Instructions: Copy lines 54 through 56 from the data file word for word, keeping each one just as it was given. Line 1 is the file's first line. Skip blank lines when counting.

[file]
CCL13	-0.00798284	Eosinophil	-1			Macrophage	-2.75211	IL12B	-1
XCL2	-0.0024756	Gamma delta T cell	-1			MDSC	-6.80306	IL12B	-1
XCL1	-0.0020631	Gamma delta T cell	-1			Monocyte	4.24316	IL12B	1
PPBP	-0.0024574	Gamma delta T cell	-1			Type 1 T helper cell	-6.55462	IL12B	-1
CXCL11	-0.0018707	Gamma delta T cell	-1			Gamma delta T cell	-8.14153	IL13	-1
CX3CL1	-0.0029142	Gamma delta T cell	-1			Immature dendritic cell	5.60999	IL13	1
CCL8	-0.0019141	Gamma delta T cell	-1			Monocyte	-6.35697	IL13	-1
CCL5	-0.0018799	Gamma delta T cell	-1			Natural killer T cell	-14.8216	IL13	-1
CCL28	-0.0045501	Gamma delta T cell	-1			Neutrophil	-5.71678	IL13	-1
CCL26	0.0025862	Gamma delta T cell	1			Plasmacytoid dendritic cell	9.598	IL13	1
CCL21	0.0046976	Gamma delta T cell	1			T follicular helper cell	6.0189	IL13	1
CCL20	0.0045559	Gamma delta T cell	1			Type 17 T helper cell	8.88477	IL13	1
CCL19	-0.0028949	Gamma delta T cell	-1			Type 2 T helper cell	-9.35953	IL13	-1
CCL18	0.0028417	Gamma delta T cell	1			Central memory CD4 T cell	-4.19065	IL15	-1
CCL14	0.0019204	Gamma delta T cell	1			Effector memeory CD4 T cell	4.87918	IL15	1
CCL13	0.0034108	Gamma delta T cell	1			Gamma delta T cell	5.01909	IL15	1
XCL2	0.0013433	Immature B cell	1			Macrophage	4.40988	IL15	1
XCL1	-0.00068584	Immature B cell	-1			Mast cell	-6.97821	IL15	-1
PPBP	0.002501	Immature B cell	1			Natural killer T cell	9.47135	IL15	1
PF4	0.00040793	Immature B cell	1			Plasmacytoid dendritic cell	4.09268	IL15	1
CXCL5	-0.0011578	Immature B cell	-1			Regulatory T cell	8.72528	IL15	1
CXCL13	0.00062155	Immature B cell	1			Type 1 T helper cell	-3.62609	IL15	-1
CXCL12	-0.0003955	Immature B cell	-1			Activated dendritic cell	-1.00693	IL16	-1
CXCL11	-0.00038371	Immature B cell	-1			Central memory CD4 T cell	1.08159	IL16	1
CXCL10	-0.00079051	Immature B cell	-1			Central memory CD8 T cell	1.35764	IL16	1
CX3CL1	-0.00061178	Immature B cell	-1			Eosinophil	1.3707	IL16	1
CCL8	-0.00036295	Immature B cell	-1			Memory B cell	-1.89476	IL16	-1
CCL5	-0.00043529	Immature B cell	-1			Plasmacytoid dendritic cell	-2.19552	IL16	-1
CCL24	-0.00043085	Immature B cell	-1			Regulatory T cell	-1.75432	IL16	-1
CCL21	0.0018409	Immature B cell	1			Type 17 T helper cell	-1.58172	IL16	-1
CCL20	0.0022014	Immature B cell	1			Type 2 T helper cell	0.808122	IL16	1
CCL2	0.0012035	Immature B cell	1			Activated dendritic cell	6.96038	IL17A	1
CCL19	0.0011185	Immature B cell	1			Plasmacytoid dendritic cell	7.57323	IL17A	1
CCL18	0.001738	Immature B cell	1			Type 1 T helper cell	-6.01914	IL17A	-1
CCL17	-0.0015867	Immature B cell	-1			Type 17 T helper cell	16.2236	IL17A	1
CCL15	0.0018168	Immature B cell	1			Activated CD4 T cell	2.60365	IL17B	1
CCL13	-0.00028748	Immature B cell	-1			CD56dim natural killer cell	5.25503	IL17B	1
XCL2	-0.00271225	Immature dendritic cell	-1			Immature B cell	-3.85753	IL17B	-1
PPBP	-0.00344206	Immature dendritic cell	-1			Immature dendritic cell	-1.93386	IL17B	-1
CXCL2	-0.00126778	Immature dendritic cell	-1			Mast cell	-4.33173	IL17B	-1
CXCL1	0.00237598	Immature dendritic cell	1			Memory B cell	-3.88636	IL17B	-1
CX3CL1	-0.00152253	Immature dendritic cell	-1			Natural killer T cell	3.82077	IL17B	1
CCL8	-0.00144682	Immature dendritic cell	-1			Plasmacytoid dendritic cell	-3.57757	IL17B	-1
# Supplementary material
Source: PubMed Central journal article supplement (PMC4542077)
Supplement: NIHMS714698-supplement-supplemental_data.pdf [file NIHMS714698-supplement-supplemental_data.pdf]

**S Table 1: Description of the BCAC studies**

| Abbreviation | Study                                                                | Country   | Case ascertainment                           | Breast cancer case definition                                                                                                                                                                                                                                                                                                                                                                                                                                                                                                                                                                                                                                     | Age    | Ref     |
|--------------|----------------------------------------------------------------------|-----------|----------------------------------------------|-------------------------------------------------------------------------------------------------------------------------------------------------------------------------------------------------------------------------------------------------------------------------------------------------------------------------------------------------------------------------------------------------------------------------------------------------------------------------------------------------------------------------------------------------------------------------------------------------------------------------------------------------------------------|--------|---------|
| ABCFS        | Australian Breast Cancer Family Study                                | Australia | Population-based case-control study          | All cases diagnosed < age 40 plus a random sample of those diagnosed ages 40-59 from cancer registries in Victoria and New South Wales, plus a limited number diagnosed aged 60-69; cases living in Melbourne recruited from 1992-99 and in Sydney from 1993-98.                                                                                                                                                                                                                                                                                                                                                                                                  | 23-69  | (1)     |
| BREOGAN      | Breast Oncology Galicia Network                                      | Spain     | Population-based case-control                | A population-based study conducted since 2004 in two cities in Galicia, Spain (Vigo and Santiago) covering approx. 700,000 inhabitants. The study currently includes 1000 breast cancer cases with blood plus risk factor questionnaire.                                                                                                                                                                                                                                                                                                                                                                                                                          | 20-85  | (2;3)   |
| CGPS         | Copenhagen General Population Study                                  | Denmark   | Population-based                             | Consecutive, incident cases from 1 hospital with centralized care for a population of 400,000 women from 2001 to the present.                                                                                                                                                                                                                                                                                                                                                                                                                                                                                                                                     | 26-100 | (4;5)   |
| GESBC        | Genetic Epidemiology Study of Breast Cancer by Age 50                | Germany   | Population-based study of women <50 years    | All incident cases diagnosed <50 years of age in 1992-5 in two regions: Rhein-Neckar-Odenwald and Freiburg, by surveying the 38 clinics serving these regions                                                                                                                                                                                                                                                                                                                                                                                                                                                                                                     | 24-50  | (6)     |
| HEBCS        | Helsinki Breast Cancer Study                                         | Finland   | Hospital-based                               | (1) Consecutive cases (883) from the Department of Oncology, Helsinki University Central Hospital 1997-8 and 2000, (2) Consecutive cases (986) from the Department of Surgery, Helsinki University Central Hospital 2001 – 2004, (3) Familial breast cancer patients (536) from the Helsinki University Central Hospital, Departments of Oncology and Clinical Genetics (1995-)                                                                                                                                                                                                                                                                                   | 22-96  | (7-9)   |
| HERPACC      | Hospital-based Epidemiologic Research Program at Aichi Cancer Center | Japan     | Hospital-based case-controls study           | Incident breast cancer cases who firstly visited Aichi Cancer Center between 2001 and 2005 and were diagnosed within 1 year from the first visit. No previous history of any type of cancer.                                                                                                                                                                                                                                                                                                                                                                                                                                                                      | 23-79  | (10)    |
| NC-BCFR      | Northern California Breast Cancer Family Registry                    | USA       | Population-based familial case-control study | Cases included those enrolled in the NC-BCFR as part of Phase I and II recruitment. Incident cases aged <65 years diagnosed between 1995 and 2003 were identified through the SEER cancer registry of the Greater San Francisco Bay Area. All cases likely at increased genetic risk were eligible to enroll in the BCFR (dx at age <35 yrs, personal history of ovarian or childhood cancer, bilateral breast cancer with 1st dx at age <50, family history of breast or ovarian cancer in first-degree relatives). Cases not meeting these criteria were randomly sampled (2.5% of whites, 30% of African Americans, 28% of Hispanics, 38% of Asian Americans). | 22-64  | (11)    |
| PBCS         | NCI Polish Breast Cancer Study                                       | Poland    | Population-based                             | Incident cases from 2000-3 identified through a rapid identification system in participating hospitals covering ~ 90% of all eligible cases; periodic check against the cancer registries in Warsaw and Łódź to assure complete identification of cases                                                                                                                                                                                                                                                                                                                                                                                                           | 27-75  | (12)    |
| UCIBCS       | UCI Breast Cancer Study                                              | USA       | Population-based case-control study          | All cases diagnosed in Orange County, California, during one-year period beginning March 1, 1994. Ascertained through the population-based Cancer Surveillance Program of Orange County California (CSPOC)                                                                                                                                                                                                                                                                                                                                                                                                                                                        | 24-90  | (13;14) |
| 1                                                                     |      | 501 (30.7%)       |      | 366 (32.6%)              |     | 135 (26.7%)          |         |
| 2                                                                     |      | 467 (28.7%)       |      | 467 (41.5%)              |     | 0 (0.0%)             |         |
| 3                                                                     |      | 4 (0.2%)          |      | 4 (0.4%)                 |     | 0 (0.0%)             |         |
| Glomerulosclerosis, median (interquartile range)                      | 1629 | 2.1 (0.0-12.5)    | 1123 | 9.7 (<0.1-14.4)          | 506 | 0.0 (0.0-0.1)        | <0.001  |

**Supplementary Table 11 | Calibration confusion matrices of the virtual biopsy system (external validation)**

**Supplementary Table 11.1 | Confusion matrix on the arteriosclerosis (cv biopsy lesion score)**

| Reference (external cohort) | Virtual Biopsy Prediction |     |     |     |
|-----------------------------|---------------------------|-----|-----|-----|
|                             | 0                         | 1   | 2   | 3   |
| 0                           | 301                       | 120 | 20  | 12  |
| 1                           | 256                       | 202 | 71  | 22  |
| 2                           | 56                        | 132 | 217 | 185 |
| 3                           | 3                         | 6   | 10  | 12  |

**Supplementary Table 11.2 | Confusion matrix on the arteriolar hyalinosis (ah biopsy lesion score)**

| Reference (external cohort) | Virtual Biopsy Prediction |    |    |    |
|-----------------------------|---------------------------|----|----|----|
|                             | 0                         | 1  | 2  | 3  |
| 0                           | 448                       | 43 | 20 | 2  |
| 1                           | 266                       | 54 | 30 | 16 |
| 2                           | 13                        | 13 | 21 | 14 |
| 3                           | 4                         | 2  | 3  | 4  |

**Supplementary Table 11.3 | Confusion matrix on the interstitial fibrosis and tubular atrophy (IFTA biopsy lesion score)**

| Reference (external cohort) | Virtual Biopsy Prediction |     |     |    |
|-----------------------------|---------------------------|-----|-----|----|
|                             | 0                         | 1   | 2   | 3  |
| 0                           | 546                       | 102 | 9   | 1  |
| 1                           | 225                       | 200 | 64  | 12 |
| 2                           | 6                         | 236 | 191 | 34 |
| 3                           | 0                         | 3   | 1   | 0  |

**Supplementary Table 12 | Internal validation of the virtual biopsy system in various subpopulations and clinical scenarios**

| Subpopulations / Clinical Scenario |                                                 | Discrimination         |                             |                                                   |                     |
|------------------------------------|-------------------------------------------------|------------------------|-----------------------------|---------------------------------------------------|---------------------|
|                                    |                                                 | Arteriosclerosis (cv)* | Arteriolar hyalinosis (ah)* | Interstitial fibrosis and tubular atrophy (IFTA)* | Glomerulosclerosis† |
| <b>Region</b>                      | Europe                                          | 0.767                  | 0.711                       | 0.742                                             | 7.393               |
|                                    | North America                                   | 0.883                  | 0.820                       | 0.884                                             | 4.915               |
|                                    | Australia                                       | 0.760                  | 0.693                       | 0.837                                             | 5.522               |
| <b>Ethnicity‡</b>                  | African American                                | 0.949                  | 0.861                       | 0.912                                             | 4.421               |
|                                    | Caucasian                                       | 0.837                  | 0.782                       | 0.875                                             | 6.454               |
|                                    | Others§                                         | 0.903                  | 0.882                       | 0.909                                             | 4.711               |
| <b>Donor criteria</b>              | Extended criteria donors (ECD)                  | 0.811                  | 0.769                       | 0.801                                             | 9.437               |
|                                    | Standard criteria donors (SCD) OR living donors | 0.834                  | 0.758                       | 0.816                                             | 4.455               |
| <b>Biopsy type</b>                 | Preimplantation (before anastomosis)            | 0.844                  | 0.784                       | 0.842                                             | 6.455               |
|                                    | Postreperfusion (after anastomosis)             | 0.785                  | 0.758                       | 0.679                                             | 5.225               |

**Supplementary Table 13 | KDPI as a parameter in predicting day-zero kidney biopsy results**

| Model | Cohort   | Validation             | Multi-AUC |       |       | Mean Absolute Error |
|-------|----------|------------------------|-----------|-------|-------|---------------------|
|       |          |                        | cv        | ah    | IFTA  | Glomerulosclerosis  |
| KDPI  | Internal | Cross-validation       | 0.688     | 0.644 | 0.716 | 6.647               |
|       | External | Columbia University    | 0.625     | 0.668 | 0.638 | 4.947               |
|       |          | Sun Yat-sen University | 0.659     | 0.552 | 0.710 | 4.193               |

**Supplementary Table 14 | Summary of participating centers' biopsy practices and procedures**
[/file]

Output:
| HEBCS        | Helsinki Breast Cancer Study                                         | Finland   | Hospital-based                               | (1) Consecutive cases (883) from the Department of Oncology, Helsinki University Central Hospital 1997-8 and 2000, (2) Consecutive cases (986) from the Department of Surgery, Helsinki University Central Hospital 2001 – 2004, (3) Familial breast cancer patients (536) from the Helsinki University Central Hospital, Departments of Oncology and Clinical Genetics (1995-)                                                                                                                                                                                                                                                                                   | 22-96  | (7-9)   |
| HERPACC      | Hospital-based Epidemiologic Research Program at Aichi Cancer Center | Japan     | Hospital-based case-controls study           | Incident breast cancer cases who firstly visited Aichi Cancer Center between 2001 and 2005 and were diagnosed within 1 year from the first visit. No previous history of any type of cancer.                                                                                                                                                                                                                                                                                                                                                                                                                                                                      | 23-79  | (10)    |
| NC-BCFR      | Northern California Breast Cancer Family Registry                    | USA       | Population-based familial case-control study | Cases included those enrolled in the NC-BCFR as part of Phase I and II recruitment. Incident cases aged <65 years diagnosed between 1995 and 2003 were identified through the SEER cancer registry of the Greater San Francisco Bay Area. All cases likely at increased genetic risk were eligible to enroll in the BCFR (dx at age <35 yrs, personal history of ovarian or childhood cancer, bilateral breast cancer with 1st dx at age <50, family history of breast or ovarian cancer in first-degree relatives). Cases not meeting these criteria were randomly sampled (2.5% of whites, 30% of African Americans, 28% of Hispanics, 38% of Asian Americans). | 22-64  | (11)    |